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The Next Frontier in Worker Radiation Protection

Occupational Radiation Protection Conference Yields Nine Action Items

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Al-Thawra General Hospital

Protecting medical workers and those exposed to naturally occurring radiation is the next frontier in occupational radiation protection, participants of a conference on the subject in Vienna learned last week. (Photo: M. Fairoz/Al-Thawra General Hospital)

Protecting medical workers and those exposed to naturally occurring radiation, such as air crew and miners, is the next frontier in occupational radiation protection, participants of a conference on the subject in Vienna learned last week.   

"The international safety framework for protecting workers is well established and effective. However, implementation of some of these recommendations in some areas, such as medicine and work involving exposure to elevated levels of naturally occurring radiation, is complex," said Michael Weber, Deputy Executive Director of the US Nuclear Regulatory Commission and chair of the four-day conference, entitled International Conference on Occupational Radiation Protection: Enhancing the Protection of Workers - Gaps, Challenges and Developments, organized by the IAEA and the International Labour Organization (ILO).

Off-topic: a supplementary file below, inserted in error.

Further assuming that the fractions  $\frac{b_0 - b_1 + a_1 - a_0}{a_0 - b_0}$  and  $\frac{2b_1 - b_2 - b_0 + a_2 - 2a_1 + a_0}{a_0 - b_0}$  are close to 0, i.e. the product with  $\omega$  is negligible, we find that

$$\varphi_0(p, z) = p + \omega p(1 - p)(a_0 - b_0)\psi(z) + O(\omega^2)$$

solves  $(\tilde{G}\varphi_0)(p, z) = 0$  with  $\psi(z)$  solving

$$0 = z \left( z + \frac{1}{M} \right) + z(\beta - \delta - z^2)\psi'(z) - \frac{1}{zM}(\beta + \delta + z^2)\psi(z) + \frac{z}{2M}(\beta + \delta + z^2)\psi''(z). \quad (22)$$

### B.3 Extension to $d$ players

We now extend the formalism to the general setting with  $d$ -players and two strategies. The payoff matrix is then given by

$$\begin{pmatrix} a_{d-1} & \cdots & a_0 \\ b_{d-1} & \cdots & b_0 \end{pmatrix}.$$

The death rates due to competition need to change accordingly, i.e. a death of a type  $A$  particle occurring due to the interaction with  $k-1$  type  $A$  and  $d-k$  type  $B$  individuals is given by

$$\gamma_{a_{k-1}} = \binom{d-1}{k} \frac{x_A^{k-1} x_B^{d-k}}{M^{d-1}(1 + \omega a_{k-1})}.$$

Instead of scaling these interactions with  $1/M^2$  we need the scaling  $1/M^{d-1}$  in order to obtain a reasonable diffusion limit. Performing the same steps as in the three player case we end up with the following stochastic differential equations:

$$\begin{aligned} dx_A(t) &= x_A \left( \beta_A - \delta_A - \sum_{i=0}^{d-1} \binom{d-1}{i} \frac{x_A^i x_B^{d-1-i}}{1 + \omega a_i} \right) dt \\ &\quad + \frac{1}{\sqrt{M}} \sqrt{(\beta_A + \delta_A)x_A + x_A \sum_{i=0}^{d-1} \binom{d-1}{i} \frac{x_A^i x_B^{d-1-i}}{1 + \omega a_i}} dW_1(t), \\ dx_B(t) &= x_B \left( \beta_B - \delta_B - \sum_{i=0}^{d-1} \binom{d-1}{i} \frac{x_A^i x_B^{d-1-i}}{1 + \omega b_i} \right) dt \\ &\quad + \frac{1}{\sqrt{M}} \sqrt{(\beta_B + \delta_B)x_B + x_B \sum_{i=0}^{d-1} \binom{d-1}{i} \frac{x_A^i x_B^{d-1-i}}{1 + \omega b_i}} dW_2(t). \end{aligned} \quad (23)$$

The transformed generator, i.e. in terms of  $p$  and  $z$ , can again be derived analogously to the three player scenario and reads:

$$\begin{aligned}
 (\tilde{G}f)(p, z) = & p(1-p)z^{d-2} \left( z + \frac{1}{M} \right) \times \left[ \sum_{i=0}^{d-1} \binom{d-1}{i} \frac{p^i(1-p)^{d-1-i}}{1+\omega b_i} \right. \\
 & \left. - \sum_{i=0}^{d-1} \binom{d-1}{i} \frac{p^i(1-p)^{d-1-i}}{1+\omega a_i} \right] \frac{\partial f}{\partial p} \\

"[Also,] exposures of workers in the practice of medicine, including the use of conventional radiology for diagnosis and therapy, are generally well-controlled and in accordance with international safety standards. There are, however, new and emerging medical practices, especially interventional radiology and interventional cardiology, in which higher occupational exposures are occurring. These exposures to both workers and patients are growing as the procedures are being used with increasing frequency," Weber said. 

In his address to the conference, which attracted 470 delegates from 79 Member States, IAEA Director General Yukiya Amano said, "The number of people who encounter radiation in their daily work will continue to grow. It is essential that the highest priority is given to all aspects of safety so that we can enjoy the many benefits of peaceful nuclear technology while minimizing the risks. We have had reminders in the past that nuclear safety must never be taken for granted, even in advanced industrial countries."

To address these issues, authorities need to collaborate with the workers themselves to identify and implement the right protection guidelines, the ILO's Shengli Niu said.

"From the ILO's perspective, we really believe it is extremely important to involve the constituents - the workers and the employers. You have to involve those people who are directly affected by the issue," he said.

Radiation protection needs to become an integrated part of the general health and safety protection of workers, noted Weber in his closing remarks on the fifth and final day of the conference.

The concluding document from the conference pointed out that "workers may face a wide range of occupational hazards and unduly protecting workers against one or a few hazards may be detrimental to occupational safety and health, if such protection undermines protection against other comparable or greater workplace hazards. In some work settings, radiation protection may be of secondary or tertiary importance. Therefore, application of radiation protection measures must be examined within the context of the complexity of all foreseeable hazards in workplaces."